San Diego Center for Algae Biotechnology (SD-CAB): Established in 2008, SD-CAB is a partnership of UC San Diego, Scripps Institution of Oceanography, The Scripps Research Institute and private industry. SD-CAB's goal is developing biofuels from algae, fast-growing plants that thrive in salt water and wastewater, and can yield up to 50 times more oil per acre than food crops (algae.ucsd.edu).
U.S. Department of Energy undersecretary Kristina Johnson (left) discusses Arabidopsis plants with Josh Heazlewood, the Joint BioEnergy Institute's director of systems biology.
Supporters of California's approach to biofuel standards include Chris Somerville, a UC Berkeley plant biologist who directs the UC Berkeley–based Energy Biosciences Institute (EBI). “In my opinion, the sole purpose of biofuels is to do something that's environmentally positive, and the argument for including indirect land-use change is good,” he says. However, Somerville cautions that further evaluation is needed before calculating carbon emissions from indirect land-use changes.
“The big question is how to calculate it — the data are not good,” Somerville says, adding that so far the state has set standards for only corn and sugar cane ethanol, and that EBI economics research will help the state set standards for additional biofuels. About 90% of conventional biofuels are bioethanols from a variety of starch- or sugar-rich crops, and the rest are biodiesels from vegetable oil, used cooking oil and animal fat.
The controversy over California's LCFS notwithstanding, more states may be poised to adopt similar regulations. Eleven Northeastern and Mid-Atlantic states have committed to developing a regional LCFS based on California's, and they expect to draft a memorandum of understanding (MOU) by the end of 2009. Likewise, British Columbia and Ontario signed a 2007 MOU to match California's LCFS.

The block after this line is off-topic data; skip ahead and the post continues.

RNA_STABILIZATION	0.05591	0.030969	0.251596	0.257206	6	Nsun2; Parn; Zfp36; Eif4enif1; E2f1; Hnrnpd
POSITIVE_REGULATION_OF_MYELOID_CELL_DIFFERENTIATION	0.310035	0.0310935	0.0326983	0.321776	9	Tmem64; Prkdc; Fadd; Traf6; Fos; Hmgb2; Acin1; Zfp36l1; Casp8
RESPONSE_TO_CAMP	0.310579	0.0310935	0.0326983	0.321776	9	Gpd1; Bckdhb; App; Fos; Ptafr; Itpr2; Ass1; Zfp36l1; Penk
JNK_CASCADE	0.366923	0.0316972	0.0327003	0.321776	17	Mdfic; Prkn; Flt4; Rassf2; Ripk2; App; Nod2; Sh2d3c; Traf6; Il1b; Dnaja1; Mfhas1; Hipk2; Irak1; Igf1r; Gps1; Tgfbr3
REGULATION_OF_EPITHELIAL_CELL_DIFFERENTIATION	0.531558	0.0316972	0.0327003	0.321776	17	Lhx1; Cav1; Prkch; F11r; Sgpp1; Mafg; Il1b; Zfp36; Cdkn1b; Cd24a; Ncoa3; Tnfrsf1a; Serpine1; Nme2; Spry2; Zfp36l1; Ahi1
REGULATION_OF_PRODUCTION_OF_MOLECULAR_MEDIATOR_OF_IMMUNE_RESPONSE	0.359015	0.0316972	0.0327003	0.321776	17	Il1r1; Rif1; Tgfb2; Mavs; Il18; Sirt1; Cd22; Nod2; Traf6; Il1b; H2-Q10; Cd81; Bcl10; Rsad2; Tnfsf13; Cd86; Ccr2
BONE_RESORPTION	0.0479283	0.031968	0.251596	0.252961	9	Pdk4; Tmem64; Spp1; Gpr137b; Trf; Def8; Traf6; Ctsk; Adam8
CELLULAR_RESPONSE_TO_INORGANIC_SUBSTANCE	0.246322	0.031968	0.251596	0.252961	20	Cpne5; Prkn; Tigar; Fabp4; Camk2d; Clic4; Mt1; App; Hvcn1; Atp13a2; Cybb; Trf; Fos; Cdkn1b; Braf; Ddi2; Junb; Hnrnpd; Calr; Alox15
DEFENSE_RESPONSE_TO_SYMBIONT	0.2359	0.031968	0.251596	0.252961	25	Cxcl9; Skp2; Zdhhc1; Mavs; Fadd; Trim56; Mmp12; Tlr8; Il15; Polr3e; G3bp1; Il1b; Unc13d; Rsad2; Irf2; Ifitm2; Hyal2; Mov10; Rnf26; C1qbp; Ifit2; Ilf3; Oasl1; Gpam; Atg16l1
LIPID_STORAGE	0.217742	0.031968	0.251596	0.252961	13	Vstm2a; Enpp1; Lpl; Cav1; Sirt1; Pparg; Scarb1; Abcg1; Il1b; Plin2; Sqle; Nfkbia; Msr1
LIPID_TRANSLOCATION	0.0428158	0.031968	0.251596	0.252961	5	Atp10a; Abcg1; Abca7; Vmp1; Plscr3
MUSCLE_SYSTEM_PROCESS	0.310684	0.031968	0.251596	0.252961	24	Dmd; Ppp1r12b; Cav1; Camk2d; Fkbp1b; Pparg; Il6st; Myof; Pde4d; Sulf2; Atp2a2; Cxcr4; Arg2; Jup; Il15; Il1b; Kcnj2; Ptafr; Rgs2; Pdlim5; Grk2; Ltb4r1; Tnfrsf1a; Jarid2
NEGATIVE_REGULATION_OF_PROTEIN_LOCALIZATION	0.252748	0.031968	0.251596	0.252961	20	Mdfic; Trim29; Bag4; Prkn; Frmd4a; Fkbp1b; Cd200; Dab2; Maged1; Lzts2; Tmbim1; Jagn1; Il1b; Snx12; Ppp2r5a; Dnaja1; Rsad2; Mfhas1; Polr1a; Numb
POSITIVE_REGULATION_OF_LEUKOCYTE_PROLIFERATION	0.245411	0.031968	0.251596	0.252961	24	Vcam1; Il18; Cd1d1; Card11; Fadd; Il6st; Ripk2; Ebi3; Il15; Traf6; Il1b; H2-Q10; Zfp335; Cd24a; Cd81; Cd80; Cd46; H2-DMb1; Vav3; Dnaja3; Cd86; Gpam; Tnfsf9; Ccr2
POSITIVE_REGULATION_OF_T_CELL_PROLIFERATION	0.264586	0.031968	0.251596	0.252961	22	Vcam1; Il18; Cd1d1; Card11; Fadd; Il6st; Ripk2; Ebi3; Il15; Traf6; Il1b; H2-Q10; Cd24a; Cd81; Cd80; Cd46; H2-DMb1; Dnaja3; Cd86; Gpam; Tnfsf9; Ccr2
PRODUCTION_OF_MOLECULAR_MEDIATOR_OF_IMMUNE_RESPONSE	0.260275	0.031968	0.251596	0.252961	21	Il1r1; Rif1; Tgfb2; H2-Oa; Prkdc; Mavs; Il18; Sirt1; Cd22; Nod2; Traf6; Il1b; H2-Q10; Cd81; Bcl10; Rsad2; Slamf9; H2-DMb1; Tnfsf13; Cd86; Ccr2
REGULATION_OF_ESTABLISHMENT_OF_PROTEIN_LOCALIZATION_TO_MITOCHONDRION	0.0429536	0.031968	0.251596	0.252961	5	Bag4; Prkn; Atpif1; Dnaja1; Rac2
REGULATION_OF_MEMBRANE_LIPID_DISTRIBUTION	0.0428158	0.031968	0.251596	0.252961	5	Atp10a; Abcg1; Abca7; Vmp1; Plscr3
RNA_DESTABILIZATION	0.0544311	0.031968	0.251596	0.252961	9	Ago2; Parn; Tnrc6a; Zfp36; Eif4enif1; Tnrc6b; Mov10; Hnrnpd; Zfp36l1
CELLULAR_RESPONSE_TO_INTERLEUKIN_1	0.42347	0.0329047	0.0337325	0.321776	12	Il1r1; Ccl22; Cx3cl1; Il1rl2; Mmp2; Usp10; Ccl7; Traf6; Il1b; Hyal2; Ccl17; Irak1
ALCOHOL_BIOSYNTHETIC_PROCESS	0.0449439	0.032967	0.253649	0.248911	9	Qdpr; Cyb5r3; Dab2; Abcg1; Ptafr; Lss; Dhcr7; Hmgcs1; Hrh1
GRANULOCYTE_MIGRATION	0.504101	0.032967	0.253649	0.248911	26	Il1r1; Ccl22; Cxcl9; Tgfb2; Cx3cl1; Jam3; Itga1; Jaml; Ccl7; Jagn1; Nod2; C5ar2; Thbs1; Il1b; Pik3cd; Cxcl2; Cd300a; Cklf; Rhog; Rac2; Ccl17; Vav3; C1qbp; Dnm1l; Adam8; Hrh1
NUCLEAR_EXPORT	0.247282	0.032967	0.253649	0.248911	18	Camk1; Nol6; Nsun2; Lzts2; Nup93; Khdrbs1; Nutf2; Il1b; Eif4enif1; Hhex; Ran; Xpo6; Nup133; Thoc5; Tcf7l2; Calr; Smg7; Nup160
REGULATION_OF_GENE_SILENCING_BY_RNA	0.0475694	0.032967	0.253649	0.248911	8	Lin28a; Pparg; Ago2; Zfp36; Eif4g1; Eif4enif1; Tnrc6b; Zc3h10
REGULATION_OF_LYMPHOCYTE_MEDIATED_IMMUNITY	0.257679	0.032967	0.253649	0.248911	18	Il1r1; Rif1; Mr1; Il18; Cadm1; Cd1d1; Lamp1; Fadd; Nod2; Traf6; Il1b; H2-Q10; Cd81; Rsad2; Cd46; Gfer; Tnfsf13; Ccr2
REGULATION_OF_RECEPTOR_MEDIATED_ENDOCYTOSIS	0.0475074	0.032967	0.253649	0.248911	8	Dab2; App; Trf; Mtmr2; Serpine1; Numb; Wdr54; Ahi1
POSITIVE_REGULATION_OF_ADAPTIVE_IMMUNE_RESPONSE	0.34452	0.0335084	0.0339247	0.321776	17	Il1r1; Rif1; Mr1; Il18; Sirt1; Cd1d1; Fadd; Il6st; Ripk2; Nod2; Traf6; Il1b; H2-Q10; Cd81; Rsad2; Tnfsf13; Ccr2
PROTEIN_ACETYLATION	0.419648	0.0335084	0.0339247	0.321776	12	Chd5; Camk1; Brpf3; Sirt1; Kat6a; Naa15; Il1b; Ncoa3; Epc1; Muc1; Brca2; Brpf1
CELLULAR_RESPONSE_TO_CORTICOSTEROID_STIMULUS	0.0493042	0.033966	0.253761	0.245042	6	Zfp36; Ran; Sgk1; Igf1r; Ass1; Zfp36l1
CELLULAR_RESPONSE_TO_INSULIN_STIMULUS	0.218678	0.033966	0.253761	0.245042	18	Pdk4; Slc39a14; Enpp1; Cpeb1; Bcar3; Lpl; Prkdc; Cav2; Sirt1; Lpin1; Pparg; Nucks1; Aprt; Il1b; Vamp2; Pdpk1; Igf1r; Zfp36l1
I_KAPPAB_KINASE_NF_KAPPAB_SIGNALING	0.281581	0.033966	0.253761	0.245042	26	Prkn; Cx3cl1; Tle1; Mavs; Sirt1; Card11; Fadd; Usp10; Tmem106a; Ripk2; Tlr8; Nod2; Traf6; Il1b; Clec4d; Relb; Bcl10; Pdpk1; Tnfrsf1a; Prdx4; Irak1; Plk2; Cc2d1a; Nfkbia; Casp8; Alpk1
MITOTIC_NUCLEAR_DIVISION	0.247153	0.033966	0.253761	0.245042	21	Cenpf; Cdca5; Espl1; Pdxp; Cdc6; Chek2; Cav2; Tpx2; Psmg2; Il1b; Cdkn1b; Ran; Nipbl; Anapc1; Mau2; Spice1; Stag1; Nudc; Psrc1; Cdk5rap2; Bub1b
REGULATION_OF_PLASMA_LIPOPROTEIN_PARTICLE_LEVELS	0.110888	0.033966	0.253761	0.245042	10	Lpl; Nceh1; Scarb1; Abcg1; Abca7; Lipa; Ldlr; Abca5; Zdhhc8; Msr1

The U.S. Environmental Protection Agency also included accounting for indirect land-use changes in a May 2009 proposal for new, national, renewable fuel standards. However, now the agency plans to wait 5 years for further evaluation, Somerville says. This approach is in keeping with that of the European Union, which in 2008 adopted a revised Fuel Quality Directive stipulating that biofuels must be produced sustainably but waiting until the end of 2010 to set any standards accounting for indirect land-use changes.
Potential biofuels, left to right. Biomass from eucalyptus, an oily Australian hardwood, could be heated at high temperatures to produce “bio-oil” for fuel. Native to the North American prairie, switchgrass has been used for conservation plantings and cattle feed; it produces high yields with minimal inputs, and can sequester carbon in soils for extended periods. Poplar hybrid trees are characterized by rapid growth and easy propagation. Rice hulls are currently being burned for electricity, and rice straw can be converted into low-cost ethanol. *After press run, original photo of wild rice replaced with image of Japonica species, predominant in California rice production. Credit: Wiki Commons.